Open-source art show draws crowd to gallery planning reinvention

On June 12, Ottawa art gallery La Petite Mort hosted “Hit & Run 5″, the last of a series of shows that helped make the gallery distinct in the Ottawa art scene.

The idea behind the show was simple—a one-night-only opportunity for Ottawa artists to display their art for sale, while meeting with other artists and potential buyers. Veterans and newbies could collaborate and learn from each other, as well as from curator Guy Berube.

“It’s a bit overwhelming,” said Mark Stephenson, a life drawing artist new to the event. Stephenson said the turnout was fantastic, and one of the reasons he wanted to be a part of it.

“It’s a lot of fun to come and meet the other artists,” he said.

The experience in the room ranged from artists like Margo Blackell, who had a solo show at the same gallery in October, to artists like Kate Hardie, who was displaying her work for the first time. Hardie said her sister knew the organizer, Alex Almendrades, and had encouraged her to participate.

Almendrades joked that coercion is a big part of his job.

“Honestly, a lot of it is bending people’s arms, basically forcing them to get involved, to get over their fear of having their work up at a gallery like this,” Almendrades said. He has been involved with organizing “Hit & Run” since Berube hosted the first show seven years ago.

“It’s almost like someone who wants to be a public speaker—you gotta just do it, get it out of the way and then you’ll be good. So that’s what I try to do,” he said.

As it turns out, Almendrades had snuck a piece of his own into the show: a framed picture of Tara, his girlfriend of 10 years, with the words, “Will you marry me?” written across the glass in purple paint. The proposal captured the attention and applause of everyone in the gallery.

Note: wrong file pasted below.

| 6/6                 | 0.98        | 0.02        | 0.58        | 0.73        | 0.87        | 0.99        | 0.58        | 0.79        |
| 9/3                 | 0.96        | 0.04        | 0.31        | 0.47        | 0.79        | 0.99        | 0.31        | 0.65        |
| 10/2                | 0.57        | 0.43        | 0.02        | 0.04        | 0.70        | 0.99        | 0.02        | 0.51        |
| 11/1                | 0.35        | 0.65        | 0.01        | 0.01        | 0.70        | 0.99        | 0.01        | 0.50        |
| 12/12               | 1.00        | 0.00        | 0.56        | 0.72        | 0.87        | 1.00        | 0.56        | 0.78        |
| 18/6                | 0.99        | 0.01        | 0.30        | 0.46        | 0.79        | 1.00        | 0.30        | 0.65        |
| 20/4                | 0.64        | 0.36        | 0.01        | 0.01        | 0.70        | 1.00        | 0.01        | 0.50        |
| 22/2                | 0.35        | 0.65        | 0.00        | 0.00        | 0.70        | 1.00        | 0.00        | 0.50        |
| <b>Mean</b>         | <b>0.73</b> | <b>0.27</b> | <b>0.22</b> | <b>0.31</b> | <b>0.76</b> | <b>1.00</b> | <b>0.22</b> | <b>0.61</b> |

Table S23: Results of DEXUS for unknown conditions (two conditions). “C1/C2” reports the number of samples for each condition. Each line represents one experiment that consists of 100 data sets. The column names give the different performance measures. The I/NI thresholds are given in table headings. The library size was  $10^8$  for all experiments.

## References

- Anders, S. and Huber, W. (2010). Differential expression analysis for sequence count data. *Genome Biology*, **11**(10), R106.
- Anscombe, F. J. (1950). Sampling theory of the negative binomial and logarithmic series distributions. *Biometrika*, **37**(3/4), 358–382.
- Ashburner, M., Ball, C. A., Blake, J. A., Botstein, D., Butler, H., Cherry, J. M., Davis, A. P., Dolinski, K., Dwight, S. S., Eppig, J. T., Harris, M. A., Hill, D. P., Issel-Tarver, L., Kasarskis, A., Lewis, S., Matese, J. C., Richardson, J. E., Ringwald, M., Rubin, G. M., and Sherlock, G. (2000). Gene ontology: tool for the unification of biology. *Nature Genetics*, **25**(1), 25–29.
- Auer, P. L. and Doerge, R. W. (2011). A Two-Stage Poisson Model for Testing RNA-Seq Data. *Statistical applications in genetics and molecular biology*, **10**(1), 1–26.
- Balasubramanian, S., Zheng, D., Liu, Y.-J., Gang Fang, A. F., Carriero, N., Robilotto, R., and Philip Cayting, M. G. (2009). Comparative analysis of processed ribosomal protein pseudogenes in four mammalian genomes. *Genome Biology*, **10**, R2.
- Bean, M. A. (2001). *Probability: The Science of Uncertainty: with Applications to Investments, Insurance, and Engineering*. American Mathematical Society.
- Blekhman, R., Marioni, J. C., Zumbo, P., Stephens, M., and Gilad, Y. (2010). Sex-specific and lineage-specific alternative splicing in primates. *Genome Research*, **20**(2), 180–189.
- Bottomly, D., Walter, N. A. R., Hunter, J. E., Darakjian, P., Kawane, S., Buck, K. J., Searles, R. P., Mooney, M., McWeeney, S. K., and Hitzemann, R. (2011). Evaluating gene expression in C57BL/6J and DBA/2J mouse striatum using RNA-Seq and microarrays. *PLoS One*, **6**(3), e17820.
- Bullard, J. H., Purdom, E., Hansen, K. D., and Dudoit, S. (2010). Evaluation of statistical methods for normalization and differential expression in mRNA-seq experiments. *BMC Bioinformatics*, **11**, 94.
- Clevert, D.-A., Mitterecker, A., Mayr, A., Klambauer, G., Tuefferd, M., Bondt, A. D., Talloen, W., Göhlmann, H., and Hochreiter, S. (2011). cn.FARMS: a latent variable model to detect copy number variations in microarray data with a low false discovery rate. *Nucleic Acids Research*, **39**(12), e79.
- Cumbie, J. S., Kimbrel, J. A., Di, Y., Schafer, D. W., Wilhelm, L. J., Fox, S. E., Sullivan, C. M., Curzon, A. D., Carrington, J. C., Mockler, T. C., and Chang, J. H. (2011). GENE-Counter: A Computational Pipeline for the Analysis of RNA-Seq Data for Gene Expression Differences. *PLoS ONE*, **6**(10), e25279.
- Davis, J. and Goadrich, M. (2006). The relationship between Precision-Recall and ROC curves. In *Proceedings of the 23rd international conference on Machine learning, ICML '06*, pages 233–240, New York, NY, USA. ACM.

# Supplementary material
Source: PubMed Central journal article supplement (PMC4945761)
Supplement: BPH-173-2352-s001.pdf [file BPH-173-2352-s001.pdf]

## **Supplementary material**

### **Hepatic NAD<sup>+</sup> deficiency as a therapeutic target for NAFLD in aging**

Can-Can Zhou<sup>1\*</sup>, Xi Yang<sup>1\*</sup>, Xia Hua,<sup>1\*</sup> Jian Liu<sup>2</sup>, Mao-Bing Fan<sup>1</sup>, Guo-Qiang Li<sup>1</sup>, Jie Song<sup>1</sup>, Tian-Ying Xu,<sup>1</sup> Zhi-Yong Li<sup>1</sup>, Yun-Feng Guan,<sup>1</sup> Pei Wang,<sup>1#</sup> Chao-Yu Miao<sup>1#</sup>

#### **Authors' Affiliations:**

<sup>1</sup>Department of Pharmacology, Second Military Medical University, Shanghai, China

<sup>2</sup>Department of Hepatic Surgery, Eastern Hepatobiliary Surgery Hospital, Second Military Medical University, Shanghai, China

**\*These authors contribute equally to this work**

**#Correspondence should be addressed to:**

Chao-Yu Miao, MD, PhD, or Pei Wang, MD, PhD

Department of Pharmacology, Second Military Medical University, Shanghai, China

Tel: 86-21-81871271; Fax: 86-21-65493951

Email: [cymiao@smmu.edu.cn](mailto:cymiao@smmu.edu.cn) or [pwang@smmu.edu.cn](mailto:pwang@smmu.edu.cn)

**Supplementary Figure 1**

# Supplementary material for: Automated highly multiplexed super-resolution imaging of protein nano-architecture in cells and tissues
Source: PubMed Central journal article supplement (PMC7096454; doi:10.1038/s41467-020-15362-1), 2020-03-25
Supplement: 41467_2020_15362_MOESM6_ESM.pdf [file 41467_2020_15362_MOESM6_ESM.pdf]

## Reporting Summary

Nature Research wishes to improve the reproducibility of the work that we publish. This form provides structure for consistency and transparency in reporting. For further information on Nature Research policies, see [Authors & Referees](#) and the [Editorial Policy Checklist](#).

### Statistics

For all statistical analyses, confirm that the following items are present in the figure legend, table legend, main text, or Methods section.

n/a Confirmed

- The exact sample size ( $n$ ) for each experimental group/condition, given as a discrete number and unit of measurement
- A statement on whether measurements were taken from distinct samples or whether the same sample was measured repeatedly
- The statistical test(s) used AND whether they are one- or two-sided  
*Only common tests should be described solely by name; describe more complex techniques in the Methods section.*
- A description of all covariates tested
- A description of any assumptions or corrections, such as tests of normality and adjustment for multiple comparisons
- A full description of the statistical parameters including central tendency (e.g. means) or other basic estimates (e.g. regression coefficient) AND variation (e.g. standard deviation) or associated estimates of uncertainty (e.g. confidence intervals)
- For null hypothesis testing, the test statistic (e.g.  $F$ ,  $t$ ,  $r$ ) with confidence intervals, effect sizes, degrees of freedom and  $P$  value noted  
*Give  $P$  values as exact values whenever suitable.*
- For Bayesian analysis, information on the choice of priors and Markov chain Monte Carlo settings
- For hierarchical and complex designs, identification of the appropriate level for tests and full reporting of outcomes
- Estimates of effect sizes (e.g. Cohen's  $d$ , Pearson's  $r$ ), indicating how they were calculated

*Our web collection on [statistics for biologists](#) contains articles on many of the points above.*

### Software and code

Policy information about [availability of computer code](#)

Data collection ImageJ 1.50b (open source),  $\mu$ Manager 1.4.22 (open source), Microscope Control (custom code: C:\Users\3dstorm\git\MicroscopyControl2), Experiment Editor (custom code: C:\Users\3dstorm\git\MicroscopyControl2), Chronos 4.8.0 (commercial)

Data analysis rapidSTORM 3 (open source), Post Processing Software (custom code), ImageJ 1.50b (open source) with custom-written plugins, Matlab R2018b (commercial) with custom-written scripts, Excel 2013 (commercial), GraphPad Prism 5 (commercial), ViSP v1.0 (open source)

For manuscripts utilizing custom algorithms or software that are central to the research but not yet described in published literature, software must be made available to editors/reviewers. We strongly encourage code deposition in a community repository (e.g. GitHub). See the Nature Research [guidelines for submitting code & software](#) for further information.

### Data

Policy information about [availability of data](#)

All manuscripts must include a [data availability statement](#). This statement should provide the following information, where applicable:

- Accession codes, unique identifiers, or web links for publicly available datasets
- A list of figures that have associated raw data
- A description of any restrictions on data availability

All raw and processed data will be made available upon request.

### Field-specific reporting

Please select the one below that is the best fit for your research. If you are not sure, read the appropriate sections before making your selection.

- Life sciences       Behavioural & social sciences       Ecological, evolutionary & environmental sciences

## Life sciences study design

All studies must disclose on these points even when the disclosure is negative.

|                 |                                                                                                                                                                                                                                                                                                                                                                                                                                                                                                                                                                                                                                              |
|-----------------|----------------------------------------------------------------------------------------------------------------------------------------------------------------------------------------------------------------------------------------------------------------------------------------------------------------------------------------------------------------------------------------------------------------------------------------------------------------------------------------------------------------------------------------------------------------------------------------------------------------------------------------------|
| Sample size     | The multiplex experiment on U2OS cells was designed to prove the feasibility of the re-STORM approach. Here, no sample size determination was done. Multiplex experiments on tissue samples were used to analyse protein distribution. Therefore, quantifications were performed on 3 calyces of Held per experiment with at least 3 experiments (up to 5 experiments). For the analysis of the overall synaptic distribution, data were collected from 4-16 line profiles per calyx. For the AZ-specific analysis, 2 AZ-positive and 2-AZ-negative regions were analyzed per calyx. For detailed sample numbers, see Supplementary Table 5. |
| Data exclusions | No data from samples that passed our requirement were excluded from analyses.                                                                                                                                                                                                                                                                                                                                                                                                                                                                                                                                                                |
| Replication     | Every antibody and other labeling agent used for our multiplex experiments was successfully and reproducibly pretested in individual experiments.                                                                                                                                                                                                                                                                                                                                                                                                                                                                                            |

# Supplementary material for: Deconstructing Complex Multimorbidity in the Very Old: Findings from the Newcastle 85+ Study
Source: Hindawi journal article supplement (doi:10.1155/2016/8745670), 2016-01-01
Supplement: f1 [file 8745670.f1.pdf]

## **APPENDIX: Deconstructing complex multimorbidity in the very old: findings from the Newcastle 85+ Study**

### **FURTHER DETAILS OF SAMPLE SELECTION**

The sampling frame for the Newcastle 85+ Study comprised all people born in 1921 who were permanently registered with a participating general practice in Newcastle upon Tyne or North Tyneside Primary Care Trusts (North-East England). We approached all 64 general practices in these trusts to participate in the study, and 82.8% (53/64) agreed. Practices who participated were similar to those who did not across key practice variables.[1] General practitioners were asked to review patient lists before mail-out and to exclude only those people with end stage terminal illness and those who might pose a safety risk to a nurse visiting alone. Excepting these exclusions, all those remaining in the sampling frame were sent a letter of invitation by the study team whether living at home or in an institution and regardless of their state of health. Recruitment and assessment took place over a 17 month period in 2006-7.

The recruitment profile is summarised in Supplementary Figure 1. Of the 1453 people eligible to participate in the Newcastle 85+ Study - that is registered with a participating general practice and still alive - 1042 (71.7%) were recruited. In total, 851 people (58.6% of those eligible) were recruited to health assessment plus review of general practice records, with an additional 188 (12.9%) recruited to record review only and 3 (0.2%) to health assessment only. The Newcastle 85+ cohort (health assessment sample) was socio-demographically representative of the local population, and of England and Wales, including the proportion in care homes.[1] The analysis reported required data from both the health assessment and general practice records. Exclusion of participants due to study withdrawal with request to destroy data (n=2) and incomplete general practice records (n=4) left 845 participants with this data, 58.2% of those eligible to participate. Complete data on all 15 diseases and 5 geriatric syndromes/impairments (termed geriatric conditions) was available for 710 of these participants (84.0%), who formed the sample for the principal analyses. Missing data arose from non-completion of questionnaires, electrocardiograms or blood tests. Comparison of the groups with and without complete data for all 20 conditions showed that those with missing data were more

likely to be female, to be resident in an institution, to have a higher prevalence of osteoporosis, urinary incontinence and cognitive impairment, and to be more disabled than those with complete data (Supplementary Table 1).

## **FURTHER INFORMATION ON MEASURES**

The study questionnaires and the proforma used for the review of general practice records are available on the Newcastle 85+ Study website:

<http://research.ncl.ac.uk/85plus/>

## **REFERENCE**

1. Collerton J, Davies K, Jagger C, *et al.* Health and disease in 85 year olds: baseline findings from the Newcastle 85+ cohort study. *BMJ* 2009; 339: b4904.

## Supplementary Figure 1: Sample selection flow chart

Almendrades said his now-fiancée, another art lover, had always been supportive of his collaboration with Berube and that made the setting even more appropriate.

“We have very different tastes in art, but both of us have loved this kind of event because we can see everything that we both enjoy . . . This was the right place to do it,” he said.

Berube is closing La Petite Mort Gallery at the end of August this year and reinventing it in the form of “LPM Projects.”

Berube would not comment on any future projects, saying the show was “more about love than art.” On the gallery’s website, writer and curator Adam Barbu wrote that the focus of LPM Projects will take on a more collaborative international perspective on socially engaged contemporary art projects.

“We figured “Hit & Run 5” was a great way to ring in the sort of twilight of La Petite Mort Gallery,” Almendrades said.

The physical gallery space will be closing officially on September 1st.